Based on the current performance statistics here, the average win is +1.99R on each position, and the average loss equates to -0.39R per trade. This therefore gives a profit factor of 5.1 (1.99/0.39), so therefore the size of my average win is 5.1 times bigger than the average loss (all expressed in R).
Due to the particular stop methodology used, it is rare that losses occur of 1R or more. When they do happen, they are a result of a gap through a stop level, normally after a trading update or earnings release.
The initial stop distance and consequently the position size is based on a volatility measurement. What would happen if this metric was reduced and a tighter initial stop used?
In theory, if the volatility measurement was cut in half, while risking the same percentage of equity per trade, the the position size would be doubled. This would result in the size of the average loss increasing to -0.78R, and the size of the average win would also double to +3.98R.
Now, based on the current stats lets see what happens as a result to the system expectancy:
(37.13% x 3.99R) - (62.87% x 0.78R) = 1.48 - .49 = +0.99R per trade - i.e. double what it is now.
This would indicate that, should the tighter initial stops be used, the the returns could be doubled! Sounds great, but there are some major pitfalls here.
In the sample of trades taken (just over 270), the biggest loss has been -1.98R. Had the tighter initial stop distance been used, with the position size adjusted accordingly, then the biggest loss would have correspondingly doubled to almost 4R. The question is, would you feel comfortable with that?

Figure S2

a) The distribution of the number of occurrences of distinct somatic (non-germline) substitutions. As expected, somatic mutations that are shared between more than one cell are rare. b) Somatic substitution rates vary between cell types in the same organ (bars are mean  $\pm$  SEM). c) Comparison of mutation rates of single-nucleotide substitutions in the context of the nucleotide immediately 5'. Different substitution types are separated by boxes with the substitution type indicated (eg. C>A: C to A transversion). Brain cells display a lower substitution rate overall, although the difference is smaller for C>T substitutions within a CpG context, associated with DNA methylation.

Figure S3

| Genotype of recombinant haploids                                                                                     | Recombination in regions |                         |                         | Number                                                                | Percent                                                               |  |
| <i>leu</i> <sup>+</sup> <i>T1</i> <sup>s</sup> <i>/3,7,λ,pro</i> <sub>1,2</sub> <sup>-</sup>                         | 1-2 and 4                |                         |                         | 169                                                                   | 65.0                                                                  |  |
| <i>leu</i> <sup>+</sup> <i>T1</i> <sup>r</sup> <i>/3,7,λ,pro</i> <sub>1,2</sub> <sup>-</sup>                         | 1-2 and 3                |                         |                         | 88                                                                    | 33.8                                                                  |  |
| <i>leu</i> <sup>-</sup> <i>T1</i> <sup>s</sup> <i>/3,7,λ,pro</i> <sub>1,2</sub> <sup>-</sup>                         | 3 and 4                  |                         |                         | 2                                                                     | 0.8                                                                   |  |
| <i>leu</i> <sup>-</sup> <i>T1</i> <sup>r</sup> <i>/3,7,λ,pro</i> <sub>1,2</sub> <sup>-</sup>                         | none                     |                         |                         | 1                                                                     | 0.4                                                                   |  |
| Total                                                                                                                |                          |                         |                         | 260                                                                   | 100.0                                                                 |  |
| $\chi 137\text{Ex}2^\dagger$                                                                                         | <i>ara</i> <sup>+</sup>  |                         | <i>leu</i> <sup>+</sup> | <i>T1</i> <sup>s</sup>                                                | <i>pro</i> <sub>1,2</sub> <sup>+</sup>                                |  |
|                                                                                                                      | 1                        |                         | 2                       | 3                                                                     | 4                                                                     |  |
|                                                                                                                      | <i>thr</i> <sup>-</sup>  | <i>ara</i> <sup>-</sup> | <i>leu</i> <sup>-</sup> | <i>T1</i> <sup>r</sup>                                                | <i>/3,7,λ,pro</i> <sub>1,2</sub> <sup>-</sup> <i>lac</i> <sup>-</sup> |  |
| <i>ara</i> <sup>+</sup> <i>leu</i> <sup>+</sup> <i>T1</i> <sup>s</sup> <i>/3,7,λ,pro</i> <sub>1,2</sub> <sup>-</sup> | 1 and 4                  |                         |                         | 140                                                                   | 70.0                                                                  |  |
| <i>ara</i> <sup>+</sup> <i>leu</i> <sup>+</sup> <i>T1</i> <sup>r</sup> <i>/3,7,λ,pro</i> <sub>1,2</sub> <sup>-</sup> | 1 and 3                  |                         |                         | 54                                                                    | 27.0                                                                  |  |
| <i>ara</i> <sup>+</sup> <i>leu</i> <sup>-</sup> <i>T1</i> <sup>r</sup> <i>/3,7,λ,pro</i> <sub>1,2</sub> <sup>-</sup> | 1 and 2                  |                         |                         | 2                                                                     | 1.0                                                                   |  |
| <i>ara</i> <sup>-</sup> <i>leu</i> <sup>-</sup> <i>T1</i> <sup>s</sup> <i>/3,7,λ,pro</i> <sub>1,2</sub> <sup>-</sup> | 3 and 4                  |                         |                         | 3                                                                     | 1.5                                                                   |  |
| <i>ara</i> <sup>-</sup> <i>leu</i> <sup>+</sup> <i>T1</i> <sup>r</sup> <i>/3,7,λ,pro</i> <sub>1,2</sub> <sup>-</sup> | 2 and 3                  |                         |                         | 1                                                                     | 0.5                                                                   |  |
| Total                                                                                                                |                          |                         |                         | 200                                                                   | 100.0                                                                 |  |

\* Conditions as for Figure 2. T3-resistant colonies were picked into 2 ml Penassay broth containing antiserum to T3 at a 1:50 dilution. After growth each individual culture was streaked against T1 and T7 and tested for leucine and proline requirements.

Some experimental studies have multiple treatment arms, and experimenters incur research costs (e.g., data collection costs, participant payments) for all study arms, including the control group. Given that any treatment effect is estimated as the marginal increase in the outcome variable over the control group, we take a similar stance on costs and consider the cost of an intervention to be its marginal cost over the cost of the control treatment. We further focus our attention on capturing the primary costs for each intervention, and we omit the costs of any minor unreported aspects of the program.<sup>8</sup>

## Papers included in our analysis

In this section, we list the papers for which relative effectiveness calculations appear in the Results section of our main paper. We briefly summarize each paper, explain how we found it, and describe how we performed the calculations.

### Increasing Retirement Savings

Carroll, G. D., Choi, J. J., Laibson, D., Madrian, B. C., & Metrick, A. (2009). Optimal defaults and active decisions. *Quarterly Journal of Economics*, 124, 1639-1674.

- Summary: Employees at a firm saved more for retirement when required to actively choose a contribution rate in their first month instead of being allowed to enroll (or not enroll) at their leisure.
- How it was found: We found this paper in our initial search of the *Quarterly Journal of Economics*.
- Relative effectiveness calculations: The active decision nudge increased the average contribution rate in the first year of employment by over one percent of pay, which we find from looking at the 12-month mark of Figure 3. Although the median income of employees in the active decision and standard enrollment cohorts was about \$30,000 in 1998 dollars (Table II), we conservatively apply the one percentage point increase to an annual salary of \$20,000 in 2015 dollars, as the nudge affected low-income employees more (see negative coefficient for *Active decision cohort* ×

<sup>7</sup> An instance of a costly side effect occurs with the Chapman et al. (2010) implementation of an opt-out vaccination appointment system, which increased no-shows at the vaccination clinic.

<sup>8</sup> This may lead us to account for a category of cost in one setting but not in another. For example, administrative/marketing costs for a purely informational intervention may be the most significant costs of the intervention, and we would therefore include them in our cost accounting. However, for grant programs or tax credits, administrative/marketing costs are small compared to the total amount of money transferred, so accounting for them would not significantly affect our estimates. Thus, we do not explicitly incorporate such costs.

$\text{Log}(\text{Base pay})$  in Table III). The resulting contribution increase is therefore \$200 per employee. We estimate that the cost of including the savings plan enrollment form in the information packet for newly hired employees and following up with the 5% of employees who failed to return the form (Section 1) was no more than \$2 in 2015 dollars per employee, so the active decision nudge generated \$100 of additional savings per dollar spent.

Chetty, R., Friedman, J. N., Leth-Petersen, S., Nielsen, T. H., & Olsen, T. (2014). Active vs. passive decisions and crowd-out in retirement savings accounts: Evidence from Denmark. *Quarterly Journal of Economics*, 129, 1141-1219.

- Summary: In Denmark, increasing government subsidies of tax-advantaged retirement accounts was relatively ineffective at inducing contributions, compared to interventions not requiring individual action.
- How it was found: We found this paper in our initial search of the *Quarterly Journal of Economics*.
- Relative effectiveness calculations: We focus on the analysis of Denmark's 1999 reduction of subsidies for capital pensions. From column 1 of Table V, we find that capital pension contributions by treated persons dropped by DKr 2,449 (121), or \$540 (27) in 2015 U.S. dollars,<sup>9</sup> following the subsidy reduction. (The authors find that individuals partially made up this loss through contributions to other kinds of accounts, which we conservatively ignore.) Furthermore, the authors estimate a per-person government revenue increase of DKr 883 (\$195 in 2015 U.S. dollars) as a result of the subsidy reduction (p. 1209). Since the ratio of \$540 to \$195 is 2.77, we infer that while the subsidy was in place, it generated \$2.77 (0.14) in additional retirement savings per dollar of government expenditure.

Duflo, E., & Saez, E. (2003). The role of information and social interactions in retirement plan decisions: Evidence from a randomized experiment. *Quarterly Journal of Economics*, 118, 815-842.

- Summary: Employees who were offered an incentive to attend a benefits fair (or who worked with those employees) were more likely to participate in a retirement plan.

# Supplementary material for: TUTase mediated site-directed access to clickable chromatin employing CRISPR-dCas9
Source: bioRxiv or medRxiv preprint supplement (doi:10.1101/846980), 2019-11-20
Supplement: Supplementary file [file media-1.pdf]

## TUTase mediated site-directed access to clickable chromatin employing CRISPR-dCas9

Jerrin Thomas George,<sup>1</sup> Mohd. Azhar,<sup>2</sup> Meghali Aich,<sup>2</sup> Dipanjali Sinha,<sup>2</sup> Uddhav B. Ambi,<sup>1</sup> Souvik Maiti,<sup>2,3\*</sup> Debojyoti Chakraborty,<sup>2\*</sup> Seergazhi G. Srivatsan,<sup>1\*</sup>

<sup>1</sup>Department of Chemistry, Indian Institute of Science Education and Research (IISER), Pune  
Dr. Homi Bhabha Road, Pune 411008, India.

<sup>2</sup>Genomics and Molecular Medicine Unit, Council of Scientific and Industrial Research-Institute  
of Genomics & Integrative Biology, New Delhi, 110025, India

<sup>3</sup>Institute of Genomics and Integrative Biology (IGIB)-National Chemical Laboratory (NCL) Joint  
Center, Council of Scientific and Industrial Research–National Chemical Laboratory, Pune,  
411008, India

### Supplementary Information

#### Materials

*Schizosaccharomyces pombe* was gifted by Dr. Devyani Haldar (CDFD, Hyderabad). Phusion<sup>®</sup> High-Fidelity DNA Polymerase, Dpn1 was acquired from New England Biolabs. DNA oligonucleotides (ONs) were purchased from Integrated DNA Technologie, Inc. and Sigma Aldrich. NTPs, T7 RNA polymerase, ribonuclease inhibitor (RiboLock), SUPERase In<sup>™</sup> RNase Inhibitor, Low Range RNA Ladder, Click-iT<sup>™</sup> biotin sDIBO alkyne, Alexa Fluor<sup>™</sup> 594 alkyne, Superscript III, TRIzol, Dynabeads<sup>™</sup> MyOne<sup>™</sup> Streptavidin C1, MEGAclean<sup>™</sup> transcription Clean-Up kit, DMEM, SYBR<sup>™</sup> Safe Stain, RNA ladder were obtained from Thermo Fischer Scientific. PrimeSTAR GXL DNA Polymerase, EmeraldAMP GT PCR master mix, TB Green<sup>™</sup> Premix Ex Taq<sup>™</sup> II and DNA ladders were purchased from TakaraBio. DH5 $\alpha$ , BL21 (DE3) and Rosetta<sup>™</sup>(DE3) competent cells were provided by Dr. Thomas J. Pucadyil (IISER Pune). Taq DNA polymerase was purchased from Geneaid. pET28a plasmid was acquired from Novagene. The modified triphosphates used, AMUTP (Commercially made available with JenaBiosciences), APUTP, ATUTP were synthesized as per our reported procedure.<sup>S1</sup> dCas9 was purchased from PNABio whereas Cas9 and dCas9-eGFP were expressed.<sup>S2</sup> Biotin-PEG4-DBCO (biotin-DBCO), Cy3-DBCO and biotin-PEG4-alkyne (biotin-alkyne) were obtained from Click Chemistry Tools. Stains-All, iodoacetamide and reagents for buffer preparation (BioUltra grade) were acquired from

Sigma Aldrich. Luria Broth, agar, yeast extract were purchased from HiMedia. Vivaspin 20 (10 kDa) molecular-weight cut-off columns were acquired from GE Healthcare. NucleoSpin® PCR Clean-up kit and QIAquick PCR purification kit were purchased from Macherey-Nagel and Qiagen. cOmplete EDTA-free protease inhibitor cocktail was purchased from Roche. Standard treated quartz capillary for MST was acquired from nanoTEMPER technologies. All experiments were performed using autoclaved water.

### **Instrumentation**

Say you had suffered a 5R loss on a trade, when a particularly poor earnings report came out. Had THAT loss been doubled, then you've suffered a 10R hit on your account overnight. If you are risking say 2% of equity per trade, then that's a fifth of your equity gone in one go.
Big losses can also happen if you adopt an aggressive pyramiding strategy on a position going in your favour. You should ensure that you have an overall portfolio risk element incorporated into your strategy.
Typically when using a trend following strategy, the overall win rate can be in the range of 30% - 40%. So you can expect a run of losing trades from time to time. As a result, the resulting drawdown will be faster and deeper by using a tighter stop.
In The Way of The Turtle, Curtis Faith talked about the Whipsaw strategy that was used by some of the Turtle traders - in essence, they used much tighter initial stops than their standard systems, but they also reduced the percentage risk per trade by a corresponding amount, which equalized the overall risk out.
In our example here, if the tighter stops were going to be used, then the risk per trade should also be reduced by half. In monetary terms then the number of shares traded, or pounds per point on a position if using spreadbets or CFD's, would be the same as before.
Trading is a compromise between seeking to maximise your profits, while keeping losses or drawdowns to a minimum. If you want to attain the rewards, you have to be prepared to accept the potential losses that go with it. But what you don't want to do is to push the limits so far so that while yes, you can potentially earn bigger returns, you don't want to bring a major drawdown or even the risk of ruin into play. Because of that, I will be sticking to my existing volatility measurements, position sizing, and overall position limits.